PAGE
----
“The seminar’s broad representation and the extended time period made possible a breadth and depth of theological conversation that went beyond proposing simplistic solutions to complicated theological and pastoral issues,” said Gaillardetz.

“We approached the priesthood as part of the body that is the Church,” said Fr. Lennan. “As with any organism, when part of the body is ill or in need of repair, the whole organism is affected; so if you want to ‘fix’ the priesthood in light of its current scandals and decline, you need to think about it 'holistically' and consider its place in relation to what it's a part of, not in isolation.

Rev. Lennan

STM Professor Rev. Richard Lennan served as co-chair of the Seminar on Priesthood and Ministry for the Contemporary Church. (Lee Pellegrini)

“[‘To Serve the People of God’] takes a holistic approach,” continued Fr. Lennan. “We begin with God's mission that brings about the Church, we explore the mission of the Church and the place of ministry within that mission; only then do we talk explicitly about the ordained priesthood, relating it to other ministries and the wider mission of the whole Church.”

The report calls for an elimination of a culture of clericalism and an emphasis on collaborative leadership.

Priests need to be willing “to work collaboratively with others, men and women who are volunteers and also those who are formally engaged as lay ecclesial ministers.”

Invoking the words of Pope Francis, the report states, “If the priesthood becomes a path to power, priests can understand themselves as gatekeepers of ‘discipline, rules and organization,’ rather than as disciples among disciples.”

The seminar did not directly address controversial issues like the ordination of women and of married men.

“We stepped back to ask the deeper questions of what does it mean to be ordained,” explained Groome. “What is the nature and purpose of the priesthood? What priestly gifts are required that have clear theological warrant? What is the best way to educate and prepare candidates for the priesthood?”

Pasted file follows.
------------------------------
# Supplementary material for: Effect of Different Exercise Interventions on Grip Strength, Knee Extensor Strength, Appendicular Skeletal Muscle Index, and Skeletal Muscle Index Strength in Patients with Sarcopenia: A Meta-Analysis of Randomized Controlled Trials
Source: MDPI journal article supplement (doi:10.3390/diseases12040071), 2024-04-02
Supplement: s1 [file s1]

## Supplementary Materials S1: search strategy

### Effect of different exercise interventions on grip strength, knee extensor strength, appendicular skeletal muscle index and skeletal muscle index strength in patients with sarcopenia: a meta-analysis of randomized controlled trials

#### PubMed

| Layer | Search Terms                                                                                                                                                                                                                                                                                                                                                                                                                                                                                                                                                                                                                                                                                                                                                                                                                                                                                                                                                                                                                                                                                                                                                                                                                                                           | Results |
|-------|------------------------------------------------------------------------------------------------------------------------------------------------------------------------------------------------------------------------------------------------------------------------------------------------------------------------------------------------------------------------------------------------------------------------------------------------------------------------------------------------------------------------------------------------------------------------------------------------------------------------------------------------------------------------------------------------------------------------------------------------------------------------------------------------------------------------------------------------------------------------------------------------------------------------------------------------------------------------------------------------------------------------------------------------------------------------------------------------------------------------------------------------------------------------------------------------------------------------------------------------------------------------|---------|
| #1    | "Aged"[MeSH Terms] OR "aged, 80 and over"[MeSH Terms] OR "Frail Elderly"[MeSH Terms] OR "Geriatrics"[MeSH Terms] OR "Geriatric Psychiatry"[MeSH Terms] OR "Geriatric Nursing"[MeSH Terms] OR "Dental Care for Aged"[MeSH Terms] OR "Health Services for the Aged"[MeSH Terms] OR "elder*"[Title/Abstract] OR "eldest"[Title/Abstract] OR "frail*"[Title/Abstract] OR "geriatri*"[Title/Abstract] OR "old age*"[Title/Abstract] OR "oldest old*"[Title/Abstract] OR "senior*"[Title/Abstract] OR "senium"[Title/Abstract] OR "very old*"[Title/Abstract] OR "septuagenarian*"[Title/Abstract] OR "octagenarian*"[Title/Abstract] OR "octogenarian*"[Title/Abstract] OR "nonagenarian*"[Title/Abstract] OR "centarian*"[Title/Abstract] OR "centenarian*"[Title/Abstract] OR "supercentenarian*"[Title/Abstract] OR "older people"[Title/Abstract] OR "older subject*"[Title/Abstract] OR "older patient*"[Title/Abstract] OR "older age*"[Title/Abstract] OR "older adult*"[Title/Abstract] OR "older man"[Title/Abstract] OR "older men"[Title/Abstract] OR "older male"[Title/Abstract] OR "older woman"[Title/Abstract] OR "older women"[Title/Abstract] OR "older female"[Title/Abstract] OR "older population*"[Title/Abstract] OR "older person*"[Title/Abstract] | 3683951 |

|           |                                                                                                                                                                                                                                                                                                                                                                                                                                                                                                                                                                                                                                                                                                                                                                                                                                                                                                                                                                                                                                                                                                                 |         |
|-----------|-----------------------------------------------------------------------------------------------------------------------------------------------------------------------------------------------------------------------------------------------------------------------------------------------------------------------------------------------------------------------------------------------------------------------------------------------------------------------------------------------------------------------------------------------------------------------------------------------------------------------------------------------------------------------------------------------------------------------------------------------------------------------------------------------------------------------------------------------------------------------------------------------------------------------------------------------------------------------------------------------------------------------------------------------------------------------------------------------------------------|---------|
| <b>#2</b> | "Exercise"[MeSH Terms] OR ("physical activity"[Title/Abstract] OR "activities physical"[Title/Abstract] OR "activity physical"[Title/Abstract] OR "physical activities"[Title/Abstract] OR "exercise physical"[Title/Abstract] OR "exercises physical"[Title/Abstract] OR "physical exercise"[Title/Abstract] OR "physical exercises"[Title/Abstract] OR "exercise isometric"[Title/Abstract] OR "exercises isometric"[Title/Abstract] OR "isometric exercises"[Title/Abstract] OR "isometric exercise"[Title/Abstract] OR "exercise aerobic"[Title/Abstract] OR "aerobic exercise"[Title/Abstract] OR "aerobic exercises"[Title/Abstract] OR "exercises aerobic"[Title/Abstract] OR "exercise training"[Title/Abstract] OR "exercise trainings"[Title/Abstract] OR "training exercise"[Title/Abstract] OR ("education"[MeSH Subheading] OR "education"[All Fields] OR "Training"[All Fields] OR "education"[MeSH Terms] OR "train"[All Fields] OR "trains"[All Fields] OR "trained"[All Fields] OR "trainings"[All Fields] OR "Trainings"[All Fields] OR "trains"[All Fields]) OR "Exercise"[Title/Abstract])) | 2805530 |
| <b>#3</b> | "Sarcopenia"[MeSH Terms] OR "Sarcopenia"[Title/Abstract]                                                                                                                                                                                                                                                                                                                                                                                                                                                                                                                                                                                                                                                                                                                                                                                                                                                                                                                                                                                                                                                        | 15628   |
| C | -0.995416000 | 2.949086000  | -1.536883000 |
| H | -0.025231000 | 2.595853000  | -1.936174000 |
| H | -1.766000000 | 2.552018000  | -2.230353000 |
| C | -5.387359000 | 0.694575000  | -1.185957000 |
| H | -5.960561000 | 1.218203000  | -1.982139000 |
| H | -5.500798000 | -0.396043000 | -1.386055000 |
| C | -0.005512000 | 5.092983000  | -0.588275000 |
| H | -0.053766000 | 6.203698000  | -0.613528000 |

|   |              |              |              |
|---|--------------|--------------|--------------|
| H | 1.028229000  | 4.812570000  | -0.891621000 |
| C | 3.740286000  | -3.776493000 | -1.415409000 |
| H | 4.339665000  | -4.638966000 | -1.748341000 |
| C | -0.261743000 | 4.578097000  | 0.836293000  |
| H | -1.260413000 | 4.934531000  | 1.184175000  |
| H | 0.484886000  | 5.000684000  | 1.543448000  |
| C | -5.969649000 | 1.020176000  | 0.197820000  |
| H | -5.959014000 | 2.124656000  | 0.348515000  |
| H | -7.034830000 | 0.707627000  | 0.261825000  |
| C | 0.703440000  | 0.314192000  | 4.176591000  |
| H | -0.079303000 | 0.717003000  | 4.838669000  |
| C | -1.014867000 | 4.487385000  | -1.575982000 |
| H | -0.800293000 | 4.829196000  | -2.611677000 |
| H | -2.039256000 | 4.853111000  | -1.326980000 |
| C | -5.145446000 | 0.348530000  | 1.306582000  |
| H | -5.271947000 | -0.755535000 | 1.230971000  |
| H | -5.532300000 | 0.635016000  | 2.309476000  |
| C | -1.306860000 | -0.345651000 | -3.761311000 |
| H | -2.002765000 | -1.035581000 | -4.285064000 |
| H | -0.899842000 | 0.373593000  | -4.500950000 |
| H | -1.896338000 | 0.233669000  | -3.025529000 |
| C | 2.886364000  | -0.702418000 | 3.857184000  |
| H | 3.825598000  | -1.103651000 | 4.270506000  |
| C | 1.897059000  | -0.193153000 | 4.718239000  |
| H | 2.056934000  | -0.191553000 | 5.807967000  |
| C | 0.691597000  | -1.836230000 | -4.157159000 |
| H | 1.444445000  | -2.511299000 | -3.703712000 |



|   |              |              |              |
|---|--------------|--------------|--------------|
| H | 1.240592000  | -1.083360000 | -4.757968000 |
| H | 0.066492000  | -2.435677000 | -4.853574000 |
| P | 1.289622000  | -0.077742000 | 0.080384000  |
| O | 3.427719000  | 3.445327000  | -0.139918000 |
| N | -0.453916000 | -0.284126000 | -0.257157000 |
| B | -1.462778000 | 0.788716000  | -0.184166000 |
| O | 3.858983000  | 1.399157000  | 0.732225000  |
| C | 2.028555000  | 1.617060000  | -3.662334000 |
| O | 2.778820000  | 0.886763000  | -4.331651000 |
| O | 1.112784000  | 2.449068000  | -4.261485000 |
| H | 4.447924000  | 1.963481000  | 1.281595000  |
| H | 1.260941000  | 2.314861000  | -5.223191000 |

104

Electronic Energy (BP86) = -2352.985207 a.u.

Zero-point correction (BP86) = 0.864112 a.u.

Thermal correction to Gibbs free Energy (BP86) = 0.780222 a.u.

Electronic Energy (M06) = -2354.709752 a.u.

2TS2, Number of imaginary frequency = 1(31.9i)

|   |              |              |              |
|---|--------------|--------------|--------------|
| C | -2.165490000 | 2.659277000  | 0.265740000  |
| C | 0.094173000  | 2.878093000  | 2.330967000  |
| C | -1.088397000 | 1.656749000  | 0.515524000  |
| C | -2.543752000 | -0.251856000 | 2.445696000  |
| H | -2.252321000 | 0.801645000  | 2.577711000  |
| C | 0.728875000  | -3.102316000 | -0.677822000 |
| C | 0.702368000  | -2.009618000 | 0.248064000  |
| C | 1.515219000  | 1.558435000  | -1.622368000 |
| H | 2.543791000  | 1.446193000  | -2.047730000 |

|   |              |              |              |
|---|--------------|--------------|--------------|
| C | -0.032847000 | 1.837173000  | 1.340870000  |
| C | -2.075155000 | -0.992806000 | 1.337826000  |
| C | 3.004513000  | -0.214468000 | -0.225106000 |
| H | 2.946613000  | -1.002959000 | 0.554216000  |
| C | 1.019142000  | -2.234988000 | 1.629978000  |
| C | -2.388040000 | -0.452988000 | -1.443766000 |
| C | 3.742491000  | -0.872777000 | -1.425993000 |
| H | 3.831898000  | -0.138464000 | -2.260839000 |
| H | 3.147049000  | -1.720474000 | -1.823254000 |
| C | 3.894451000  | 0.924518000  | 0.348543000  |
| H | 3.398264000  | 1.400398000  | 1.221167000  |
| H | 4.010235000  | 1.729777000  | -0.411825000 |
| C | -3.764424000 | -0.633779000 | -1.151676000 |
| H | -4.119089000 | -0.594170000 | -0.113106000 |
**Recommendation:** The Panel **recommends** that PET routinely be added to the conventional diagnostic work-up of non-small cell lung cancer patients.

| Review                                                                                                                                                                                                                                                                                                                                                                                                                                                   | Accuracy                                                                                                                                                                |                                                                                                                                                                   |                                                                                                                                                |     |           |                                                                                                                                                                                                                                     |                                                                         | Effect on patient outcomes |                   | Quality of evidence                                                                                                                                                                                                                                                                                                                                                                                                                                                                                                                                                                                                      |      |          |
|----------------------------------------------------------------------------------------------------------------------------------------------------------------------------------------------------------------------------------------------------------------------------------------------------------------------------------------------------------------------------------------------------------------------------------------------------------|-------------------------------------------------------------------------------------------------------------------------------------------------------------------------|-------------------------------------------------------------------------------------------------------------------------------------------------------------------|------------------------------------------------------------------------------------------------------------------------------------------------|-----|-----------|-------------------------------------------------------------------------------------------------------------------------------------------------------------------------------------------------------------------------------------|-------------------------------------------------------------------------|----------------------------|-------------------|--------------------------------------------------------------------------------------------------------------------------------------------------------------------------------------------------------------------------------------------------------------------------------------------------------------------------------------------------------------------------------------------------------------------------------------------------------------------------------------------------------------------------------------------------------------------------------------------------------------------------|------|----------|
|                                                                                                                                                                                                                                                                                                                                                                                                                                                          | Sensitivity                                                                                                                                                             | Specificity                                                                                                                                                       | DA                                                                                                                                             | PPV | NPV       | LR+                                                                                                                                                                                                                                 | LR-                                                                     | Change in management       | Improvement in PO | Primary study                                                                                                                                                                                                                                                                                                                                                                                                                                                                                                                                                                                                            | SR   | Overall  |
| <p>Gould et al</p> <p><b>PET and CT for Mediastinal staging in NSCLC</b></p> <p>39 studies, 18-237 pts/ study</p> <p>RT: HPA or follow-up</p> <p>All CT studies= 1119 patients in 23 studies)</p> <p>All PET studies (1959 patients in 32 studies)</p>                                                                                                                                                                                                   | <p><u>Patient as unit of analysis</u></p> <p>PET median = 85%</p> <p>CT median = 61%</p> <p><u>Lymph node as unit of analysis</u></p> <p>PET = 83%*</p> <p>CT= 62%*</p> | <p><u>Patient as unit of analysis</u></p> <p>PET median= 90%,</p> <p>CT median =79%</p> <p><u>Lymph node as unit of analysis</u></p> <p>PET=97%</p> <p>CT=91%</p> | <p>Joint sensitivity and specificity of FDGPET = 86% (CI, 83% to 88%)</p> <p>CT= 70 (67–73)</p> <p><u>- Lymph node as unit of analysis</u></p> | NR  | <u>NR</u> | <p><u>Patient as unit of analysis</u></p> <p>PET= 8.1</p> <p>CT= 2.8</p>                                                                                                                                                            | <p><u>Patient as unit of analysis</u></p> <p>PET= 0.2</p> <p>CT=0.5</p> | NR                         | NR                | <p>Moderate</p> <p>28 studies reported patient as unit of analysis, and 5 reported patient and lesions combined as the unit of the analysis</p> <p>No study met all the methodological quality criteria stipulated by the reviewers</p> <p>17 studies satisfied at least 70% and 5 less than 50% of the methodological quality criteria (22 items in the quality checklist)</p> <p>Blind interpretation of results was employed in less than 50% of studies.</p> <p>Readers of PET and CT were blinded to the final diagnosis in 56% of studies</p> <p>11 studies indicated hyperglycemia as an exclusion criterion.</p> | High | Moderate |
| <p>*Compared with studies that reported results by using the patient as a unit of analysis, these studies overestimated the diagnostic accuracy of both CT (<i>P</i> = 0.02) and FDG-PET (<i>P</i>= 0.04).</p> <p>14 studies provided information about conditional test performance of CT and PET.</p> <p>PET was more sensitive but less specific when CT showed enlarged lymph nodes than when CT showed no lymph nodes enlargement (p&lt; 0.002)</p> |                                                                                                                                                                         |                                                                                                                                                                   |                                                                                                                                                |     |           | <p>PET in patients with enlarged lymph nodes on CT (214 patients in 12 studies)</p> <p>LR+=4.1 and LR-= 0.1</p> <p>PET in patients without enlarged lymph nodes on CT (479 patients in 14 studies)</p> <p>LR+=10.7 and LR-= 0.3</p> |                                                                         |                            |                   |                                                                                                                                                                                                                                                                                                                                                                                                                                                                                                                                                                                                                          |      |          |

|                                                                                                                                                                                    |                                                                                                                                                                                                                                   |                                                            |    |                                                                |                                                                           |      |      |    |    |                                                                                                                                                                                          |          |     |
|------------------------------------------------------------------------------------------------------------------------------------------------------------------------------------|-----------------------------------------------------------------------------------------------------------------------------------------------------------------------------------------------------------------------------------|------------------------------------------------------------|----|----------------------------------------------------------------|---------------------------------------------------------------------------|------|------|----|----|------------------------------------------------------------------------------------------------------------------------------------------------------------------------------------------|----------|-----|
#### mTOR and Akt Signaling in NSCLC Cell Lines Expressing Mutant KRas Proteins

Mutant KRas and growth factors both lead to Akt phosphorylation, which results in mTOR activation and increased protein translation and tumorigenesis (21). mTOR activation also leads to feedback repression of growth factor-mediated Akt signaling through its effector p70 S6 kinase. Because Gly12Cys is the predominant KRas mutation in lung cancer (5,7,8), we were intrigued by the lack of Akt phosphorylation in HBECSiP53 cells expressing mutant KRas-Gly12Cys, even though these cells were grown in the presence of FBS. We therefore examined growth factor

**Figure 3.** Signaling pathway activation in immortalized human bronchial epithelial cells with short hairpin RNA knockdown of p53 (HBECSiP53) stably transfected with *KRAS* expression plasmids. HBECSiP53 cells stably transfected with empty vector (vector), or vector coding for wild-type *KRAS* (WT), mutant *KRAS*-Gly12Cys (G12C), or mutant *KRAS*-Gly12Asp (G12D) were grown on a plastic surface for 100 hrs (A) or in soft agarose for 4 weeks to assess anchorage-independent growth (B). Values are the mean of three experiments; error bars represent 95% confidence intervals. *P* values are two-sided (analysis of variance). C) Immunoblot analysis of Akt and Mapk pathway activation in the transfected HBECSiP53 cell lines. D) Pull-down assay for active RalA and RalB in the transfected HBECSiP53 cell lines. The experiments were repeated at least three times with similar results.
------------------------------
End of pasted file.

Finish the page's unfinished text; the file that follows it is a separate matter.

“To Serve the People of God” highlights five essential characteristics for effective priestly ministry:

    a) the capacity to preach the word of God in ways that nurture the faith, hope, and love of the disciples of Christ;
    b) the ability to lead the Christian community in life-enhancing prayer and worship;
    c) the willingness and aptitude to be a collaborative leader among lay ecclesial ministers and the whole people of God;
    d) the disposition to lead an exemplary life of discipleship within the ecclesial community, and
    e) the commitment to practice pastoral charity in service of the Gospel.

 

The report was published in late December by Origins, a media outlet of the U.S. Conference of Catholic Bishops. It also has been sent to Pope Francis and distributed to bishops throughout the Church. In early 2018, before the statement was finalized, Groome and seminar participant Fr. Liam Bergin, professor of the practice of theology, met with representatives of the Congregation for the Clergy at the Vatican to discuss the project.

By logistical necessity, the scope of the seminar was limited to diocesan priests in the U.S., but Groome notes, “the best way to be universal is from your own backyard. We speak out of an American context, but we hope that this will have resonance with the whole Church.”

The other members of the seminar were, from STM, Professor of Historical and Liturgical Theology John Baldovin, S.J., Associate Dean for Student Affairs Jacqueline Regan, doctoral candidate Emily Jendzejec, and alumna Megan Hopkins; from Theology, Professor Boyd Taylor Coolman and doctoral candidate Elyse Raby; Church in the 21st Century Center Director Karen Kiefer, and James Flavin, a priest of the Archdiocese of Boston and episcopal vicar for the Central Region.

Notably, “To Serve the People of God” cites in its conclusion Pope Francis’ words, “Let us rethink our usual way of doing things.”
 

--Kathleen Sullivan, University Communications